Well, here’s CEO Reed Hastings in Tuesday’s Wall Street Journal:

Netflix Inc. is a standout in the recession. The DVD-rental company added more subscribers than ever during the first three months of the year. Its stock has more than doubled since October.

But Netflix’s chief executive officer, Reed Hastings, thinks his core business is doomed. As soon as four years from now, he predicts, the business that generates most of Netflix’s revenue today will begin to decline, as DVDs delivered by mail steadily lose ground to movies sent straight over the Internet. So Mr. Hastings, who co-founded the company, is quickly trying to shift Netflix’s business — seeking to make more videos available online and cutting deals with electronics makers so consumers can play those movies on television sets.

His position offers a rare look at how a CEO manages a still-hot business as its time runs out. “Almost no companies succeed at what we’re doing,” he says.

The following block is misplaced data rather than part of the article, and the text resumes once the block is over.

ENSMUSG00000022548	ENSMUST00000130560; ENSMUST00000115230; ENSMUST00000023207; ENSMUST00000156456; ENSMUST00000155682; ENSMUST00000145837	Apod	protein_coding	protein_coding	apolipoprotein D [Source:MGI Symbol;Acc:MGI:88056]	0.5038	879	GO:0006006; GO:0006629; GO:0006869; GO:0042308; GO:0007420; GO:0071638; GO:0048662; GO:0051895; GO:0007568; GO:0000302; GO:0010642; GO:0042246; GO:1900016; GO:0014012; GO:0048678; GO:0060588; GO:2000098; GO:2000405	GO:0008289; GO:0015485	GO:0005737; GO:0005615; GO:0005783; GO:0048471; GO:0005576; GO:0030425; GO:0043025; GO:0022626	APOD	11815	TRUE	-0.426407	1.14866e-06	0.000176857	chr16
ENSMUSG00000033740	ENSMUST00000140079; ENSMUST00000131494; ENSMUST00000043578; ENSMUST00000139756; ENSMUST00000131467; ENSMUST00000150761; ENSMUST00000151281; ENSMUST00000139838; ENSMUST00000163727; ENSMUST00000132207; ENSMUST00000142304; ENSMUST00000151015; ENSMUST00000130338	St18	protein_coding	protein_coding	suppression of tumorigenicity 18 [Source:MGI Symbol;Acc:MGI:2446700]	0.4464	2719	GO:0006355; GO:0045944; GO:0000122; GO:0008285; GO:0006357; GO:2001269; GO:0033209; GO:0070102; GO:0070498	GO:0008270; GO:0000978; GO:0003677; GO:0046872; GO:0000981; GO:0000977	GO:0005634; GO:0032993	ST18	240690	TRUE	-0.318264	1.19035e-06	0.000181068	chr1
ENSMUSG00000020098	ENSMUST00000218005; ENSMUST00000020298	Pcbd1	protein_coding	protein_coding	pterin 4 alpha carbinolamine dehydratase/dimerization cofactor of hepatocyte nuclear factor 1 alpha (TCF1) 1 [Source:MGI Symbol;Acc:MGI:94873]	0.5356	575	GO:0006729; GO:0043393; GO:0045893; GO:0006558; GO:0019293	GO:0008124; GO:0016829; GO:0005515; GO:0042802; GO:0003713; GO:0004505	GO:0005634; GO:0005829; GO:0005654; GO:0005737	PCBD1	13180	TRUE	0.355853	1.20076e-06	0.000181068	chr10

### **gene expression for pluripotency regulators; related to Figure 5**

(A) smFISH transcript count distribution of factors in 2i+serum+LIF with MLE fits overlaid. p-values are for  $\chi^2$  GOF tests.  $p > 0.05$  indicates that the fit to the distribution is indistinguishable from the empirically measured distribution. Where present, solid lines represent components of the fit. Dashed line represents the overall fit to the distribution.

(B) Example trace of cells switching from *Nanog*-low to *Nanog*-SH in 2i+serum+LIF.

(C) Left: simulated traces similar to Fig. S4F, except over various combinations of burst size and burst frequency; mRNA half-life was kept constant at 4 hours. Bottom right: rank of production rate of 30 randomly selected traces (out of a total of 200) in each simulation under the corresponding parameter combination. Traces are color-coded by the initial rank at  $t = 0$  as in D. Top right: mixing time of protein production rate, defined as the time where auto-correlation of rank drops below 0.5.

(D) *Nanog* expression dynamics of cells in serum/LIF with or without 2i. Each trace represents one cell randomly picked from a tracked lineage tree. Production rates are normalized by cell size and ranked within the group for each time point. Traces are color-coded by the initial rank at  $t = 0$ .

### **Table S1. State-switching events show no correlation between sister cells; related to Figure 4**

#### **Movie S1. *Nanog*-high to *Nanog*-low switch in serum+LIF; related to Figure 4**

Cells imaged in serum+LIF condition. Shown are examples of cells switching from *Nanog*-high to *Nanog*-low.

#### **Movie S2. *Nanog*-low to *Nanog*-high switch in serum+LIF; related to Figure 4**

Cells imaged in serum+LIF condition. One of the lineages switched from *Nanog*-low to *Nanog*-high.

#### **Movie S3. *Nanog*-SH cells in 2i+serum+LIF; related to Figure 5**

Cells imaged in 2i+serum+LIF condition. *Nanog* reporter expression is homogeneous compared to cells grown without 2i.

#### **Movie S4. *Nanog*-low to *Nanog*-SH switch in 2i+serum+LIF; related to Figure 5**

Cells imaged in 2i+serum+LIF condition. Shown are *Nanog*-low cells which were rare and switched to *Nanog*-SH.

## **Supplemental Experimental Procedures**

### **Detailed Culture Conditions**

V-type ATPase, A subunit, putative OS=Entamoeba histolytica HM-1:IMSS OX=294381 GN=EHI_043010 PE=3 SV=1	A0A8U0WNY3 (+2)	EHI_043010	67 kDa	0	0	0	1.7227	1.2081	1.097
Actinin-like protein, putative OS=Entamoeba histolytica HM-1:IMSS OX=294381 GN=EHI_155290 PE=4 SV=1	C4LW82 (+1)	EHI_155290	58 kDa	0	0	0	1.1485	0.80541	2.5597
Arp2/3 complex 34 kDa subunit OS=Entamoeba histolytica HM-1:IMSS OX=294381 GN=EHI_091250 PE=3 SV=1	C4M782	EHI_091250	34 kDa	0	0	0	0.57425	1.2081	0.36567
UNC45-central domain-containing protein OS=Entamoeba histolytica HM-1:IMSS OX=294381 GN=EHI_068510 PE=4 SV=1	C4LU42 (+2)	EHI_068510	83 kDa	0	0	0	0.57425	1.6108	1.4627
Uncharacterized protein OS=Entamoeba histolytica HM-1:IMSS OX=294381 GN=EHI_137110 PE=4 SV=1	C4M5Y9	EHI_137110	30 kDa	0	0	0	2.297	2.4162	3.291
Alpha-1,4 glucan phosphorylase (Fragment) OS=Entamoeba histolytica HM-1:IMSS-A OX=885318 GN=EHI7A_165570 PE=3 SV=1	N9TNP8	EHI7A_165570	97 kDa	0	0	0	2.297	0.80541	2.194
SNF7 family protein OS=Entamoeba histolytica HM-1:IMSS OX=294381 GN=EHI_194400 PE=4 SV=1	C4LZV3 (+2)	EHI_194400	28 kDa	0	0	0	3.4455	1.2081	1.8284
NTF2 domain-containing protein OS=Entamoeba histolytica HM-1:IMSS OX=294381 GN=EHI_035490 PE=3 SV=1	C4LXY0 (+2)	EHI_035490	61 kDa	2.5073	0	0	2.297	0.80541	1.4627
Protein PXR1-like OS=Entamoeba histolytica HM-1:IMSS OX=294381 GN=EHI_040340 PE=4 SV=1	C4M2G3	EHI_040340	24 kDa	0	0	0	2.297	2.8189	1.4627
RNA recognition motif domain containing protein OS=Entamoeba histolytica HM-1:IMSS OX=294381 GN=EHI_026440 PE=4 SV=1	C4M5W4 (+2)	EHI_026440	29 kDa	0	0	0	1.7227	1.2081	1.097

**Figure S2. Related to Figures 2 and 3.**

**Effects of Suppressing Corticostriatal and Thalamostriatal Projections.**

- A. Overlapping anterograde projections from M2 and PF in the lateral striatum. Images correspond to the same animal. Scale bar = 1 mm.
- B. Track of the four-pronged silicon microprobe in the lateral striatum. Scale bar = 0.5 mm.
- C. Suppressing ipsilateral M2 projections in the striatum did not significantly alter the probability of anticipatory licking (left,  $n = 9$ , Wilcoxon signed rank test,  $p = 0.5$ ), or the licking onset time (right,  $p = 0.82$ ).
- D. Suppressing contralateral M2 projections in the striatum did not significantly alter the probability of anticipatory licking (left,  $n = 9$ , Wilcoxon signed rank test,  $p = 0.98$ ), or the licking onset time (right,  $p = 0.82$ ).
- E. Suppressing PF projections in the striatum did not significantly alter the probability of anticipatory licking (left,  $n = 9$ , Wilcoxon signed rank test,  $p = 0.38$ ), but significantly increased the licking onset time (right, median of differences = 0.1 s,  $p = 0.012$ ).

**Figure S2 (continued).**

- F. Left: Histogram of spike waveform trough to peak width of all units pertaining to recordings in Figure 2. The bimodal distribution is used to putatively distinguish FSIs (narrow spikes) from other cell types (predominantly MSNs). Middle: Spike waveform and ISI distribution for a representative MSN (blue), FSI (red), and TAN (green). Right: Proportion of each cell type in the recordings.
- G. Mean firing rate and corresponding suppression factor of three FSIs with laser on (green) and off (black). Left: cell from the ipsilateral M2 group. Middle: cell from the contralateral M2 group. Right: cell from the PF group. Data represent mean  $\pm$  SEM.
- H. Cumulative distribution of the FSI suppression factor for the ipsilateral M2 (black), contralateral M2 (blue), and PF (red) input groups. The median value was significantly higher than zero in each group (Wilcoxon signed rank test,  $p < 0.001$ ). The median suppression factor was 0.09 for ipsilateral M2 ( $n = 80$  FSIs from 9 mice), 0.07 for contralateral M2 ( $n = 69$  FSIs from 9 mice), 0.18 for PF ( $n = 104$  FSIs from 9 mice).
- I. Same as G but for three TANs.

Getting the exapoint. Creating the future.

Lots of commentators continue to misinterpret the research I and others have done on Internet traffic and its interplay with network infrastructure investment and communications policy.

I think that new video applications require lots more bandwidth — and, equally or even more important, that more bandwidth drives creative new applications. Two sides of the innovation coin. And I think investment friendly policies are necessary both to encourage deployment of new wireline and wireless broadband and also boost innovative new applications and services for consumers and businesses.

But this article, as one of many examples, mis-summarizes my view. It uses scary words like “apocalypse,” “catastrophe,” and, well, “scare mongering,” to describe my optimistic anticipation of an exaflood of Internet innovations coming our way. I don’t think that

the world will simply run out of bandwidth and we’ll all be weeping over our clogged tubes.

Not unless we block the expansion of new network capacity and capability. (more…)

Net traffic update…